Justification for the selection of c

The FDA indicates that one potential approach is to assume that the equivalence limit (similarity margin) is proportional to the reference product variability, ie, δ = C*σR. The constant c can be selected as the value that provides adequate power to show equivalence if there is only a small difference in the true mean between the biosimilar and the reference product, when a moderate number of reference product and biosimilar lots are available for testing. The FDA’s recommended approach for the assessment of analytical similarity for a critical attribute is to choose δ = 1.5 σR (ie, c = 1.5) and then to select an appropriate sample size for achieving a desired power in order to establish similarity at the α = 5% level of significance when the true underlying mean difference between the proposed biosimilar and reference product lots is equal to σR/8. The FDA did not provide scientific/statistical justification for the selection of c = 1.5 for EAC. Because the FDA’s proposed equivalence test was motivated from the bioequivalence assessment for generic drug products, the selection of c = 1.5 can be justified by the following steps:

Step 1. We start with 0.8 = δLμT - μRδU = 1.25, where μT and μR are the reference mean and test mean (in log scale), respectively.

Step 2. For drug products with large variabilities (ie, highly variable drug products), the FDA recommends the scaled average bioequivalence criterion by adjusting the bioequivalence limits for variability of the reference product.8,9 This gives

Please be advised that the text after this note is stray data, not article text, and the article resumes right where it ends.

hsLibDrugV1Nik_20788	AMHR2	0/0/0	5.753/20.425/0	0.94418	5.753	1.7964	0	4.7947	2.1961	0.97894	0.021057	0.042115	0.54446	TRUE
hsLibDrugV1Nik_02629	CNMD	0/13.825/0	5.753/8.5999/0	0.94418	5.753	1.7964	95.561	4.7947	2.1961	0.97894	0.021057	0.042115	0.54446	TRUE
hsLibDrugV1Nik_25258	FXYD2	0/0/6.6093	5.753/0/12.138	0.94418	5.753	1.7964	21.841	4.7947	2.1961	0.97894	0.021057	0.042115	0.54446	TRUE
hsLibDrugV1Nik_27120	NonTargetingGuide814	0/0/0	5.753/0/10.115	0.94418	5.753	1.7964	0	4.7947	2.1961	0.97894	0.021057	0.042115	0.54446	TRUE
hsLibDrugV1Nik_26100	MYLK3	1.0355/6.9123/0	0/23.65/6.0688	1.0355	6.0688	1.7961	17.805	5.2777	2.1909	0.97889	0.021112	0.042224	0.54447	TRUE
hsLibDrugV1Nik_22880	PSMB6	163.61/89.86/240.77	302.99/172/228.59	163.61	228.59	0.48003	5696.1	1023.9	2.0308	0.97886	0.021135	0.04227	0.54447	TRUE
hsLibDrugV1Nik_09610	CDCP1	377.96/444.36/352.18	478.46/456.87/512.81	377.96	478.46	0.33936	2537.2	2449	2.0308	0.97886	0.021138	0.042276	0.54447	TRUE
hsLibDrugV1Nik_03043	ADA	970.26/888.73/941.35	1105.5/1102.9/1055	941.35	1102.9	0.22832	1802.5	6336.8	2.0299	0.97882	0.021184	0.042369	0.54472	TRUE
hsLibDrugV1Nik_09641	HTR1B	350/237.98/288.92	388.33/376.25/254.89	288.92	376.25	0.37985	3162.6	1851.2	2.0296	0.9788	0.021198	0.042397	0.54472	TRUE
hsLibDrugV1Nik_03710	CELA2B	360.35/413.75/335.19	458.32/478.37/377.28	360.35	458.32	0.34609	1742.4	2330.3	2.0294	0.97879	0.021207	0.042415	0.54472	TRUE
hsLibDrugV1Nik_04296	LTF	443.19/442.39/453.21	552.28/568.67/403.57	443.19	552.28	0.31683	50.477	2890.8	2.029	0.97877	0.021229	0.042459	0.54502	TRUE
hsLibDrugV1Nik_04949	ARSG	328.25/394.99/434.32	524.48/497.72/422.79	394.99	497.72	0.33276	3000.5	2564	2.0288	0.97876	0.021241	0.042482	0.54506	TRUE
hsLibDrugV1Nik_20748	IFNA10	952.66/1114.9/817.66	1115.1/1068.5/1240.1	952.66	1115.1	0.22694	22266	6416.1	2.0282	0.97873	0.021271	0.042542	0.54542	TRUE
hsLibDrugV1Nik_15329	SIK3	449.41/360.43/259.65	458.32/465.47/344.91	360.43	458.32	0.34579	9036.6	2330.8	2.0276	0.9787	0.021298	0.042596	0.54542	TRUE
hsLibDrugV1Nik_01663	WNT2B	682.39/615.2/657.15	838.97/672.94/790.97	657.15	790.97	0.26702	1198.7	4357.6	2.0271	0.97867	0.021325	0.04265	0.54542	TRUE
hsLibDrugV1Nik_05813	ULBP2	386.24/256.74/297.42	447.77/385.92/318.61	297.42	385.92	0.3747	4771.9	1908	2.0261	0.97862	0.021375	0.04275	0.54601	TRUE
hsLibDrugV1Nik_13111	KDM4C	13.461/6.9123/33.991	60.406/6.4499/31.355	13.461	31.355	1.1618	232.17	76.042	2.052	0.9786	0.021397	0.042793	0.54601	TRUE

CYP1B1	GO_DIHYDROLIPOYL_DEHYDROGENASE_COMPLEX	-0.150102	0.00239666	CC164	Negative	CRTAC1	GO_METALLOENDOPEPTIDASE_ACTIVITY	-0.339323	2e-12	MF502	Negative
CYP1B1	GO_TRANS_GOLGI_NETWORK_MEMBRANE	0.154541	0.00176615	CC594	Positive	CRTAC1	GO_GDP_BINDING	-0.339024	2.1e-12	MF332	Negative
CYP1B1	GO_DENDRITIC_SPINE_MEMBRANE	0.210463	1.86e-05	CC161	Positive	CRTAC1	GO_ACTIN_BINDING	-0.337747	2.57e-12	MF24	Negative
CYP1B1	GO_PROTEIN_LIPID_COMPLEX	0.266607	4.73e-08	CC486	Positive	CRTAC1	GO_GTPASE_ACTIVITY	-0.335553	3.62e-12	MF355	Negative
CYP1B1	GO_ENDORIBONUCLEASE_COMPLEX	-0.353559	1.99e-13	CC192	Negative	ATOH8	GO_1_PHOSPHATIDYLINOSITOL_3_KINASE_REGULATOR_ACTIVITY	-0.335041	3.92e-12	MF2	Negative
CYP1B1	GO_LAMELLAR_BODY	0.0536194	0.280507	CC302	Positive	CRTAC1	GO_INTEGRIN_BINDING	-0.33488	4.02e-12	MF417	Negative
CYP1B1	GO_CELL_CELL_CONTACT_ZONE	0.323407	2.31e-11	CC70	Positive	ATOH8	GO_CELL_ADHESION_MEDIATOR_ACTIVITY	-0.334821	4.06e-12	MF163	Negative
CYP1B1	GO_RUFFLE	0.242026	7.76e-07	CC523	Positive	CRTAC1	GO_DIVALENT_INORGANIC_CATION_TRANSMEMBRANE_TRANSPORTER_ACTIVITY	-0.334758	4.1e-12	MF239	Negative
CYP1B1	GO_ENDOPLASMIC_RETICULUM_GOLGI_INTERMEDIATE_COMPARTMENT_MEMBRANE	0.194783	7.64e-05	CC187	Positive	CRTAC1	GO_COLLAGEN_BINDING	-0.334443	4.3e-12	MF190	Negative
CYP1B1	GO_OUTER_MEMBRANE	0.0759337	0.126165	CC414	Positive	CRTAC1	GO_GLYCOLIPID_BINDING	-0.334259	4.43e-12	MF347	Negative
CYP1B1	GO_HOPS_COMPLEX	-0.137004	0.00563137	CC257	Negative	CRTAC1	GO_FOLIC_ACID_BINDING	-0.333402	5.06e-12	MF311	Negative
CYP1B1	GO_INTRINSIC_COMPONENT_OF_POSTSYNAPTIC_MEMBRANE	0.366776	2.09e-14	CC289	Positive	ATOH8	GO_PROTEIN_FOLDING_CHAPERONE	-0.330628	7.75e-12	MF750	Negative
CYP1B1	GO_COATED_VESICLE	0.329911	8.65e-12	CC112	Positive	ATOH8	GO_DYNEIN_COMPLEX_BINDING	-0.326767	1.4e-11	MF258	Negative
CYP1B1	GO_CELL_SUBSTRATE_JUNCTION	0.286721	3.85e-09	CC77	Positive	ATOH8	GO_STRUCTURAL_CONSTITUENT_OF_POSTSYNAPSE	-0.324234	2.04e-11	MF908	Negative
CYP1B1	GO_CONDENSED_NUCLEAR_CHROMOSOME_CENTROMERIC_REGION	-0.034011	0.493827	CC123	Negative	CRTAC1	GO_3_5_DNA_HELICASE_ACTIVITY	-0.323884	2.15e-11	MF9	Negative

Step 3. The FDA assumes that the difference between means is proportional to σR and allows a mean shift of σR /8 = 0.125, which is the half width of the margin. The worst possible scenario for the shift is that the true mean difference falls on 1.25 *σR. In this case, the FDA expands the margin 0.25 *σR. Thus, the upper margin of EAC becomes

Estimate of σR

The FDA proposed that the equivalence test using available lot values be mainly based on the assumptions that i) there is no lot-to-lot variability within the reference product and the test product and ii) the difference in mean responses is proportional to the variability of reference product. In practice, however, it is recognized that μRiμRj and for ij. The differences between lots and heterogeneity among lots are major challenges to the validity of the FDA’s proposed approaches for both equivalence testing for CQAs in Tier 1 and the concept of quality range CQAs from Tier 2. Under the assumptions that μRiμRj and for ij, it is not clear what are the statistical properties/finite sample performances and corresponding impact on the assessment of analytical similarity and consequently on providing the totality-of-the-evidence to demonstrate similarity.